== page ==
Except for builders, we don’t really associate clinch with nails today. But Donald Trump’s all-but-guaranteed clinching of the nomination does evoke nails for many in the Republican party: Will Donald Trump, #NeverTrump-ers fear, clinch the nails into the coffin of the GOP as we know it?

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What’s up with all those letters we don’t say in “Leicester”?

Against all odds, the Leicester City Football Club clinched England’s Premier League title on Monday. Far and wide, millions of lovers of football – and Cinderella stories – cheered the unlikely champions. And as many, perhaps, learned how to pronounce the name of this club and city. Leicester, in spite of its extra characters, sounds like the name Lester, which is derived, in fact, from this very Leicester.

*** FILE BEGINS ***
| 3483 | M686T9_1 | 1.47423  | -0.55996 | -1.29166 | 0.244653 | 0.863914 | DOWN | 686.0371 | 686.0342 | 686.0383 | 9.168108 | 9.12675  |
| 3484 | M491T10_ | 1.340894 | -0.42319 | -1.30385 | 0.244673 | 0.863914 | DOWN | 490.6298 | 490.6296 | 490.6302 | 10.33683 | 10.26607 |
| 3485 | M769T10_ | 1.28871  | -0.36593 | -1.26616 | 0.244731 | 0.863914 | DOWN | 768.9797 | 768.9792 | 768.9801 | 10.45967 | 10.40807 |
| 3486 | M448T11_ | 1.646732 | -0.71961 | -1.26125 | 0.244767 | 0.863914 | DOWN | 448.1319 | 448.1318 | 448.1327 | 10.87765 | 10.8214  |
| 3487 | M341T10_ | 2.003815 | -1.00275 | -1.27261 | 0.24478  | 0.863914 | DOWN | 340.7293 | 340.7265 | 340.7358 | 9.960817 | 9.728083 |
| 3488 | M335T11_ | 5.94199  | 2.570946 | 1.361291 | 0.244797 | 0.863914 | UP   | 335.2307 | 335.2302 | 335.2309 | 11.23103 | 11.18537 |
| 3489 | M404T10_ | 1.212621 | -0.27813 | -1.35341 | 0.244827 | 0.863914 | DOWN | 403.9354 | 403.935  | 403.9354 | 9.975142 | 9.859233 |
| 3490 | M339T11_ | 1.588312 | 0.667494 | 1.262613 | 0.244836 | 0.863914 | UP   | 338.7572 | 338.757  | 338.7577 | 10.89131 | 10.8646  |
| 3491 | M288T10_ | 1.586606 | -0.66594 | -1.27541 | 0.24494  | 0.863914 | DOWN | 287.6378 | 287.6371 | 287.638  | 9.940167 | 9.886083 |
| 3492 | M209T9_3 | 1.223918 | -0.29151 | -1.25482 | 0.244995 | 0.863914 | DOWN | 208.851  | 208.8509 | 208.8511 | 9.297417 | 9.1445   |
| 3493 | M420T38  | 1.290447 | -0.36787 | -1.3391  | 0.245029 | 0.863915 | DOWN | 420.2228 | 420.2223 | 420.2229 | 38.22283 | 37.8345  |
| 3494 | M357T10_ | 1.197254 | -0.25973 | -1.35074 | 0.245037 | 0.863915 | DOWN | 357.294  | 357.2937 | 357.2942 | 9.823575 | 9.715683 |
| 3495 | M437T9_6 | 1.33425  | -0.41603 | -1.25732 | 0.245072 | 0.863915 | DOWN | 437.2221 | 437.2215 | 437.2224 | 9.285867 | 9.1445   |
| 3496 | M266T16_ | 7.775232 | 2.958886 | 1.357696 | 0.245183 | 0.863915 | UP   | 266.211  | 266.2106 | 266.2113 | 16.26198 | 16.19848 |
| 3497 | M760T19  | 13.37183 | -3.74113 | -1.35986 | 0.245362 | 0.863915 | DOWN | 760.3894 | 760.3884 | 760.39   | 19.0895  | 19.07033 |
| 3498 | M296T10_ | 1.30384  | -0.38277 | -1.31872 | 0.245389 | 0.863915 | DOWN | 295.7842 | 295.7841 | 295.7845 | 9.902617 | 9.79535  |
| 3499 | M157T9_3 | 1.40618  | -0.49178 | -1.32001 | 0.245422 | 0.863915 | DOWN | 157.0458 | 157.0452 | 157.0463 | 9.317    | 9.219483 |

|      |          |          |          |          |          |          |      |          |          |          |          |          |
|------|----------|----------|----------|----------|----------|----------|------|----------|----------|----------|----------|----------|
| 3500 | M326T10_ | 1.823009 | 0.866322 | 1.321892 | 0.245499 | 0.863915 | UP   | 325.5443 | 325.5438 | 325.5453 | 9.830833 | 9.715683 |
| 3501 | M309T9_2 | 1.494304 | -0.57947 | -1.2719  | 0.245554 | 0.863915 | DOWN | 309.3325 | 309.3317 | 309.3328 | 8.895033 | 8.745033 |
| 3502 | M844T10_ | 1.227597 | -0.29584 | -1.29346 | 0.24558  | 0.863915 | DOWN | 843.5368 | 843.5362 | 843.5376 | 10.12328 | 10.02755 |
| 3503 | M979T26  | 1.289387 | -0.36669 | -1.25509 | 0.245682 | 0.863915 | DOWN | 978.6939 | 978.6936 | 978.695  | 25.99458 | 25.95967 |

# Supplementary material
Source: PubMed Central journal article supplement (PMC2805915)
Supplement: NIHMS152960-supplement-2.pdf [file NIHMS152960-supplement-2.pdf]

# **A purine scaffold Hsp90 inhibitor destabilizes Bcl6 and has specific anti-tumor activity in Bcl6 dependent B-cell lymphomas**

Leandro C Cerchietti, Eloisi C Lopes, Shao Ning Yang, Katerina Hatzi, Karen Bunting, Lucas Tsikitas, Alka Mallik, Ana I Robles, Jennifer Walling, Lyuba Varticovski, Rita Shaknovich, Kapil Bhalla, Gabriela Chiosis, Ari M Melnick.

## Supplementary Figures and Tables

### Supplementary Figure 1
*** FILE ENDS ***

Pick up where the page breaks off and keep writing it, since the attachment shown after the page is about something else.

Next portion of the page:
Why do we pronounce Leicester like “Lester”? Or, for my readers not interested in sports, Gloucester like “Gloster”? (I can still feel my nerdy shame when an English teacher corrected my mispronunciation of this King Lear character.) Oxford English Dictionary offers: “The history of the form written -cester, of which only -ster is pronounced (in Worcester, Bicester, etc.), is obscure; the written form is perhaps of French or medieval Latin origin.” Economy, generally speaking, is ultimately behind the pronunciation, historical inertia behind the spelling, I imagine.

While we can’t explain for certain the peculiar pronunciation of –cester, we can explain where it comes from.

Cester: phonetic cheshire cats and linguistic underdogs 

From roughly 40 to 400 AD, Rome ruled much of Great Britain. Over 1500 years later, its footprint still shows. Ancient Roman military fortifications, for example, have endured not only in their physical remains, but in place names as well. Latin called these sites castra, a plural noun meaning a “camp,” which we might liken to military bases today.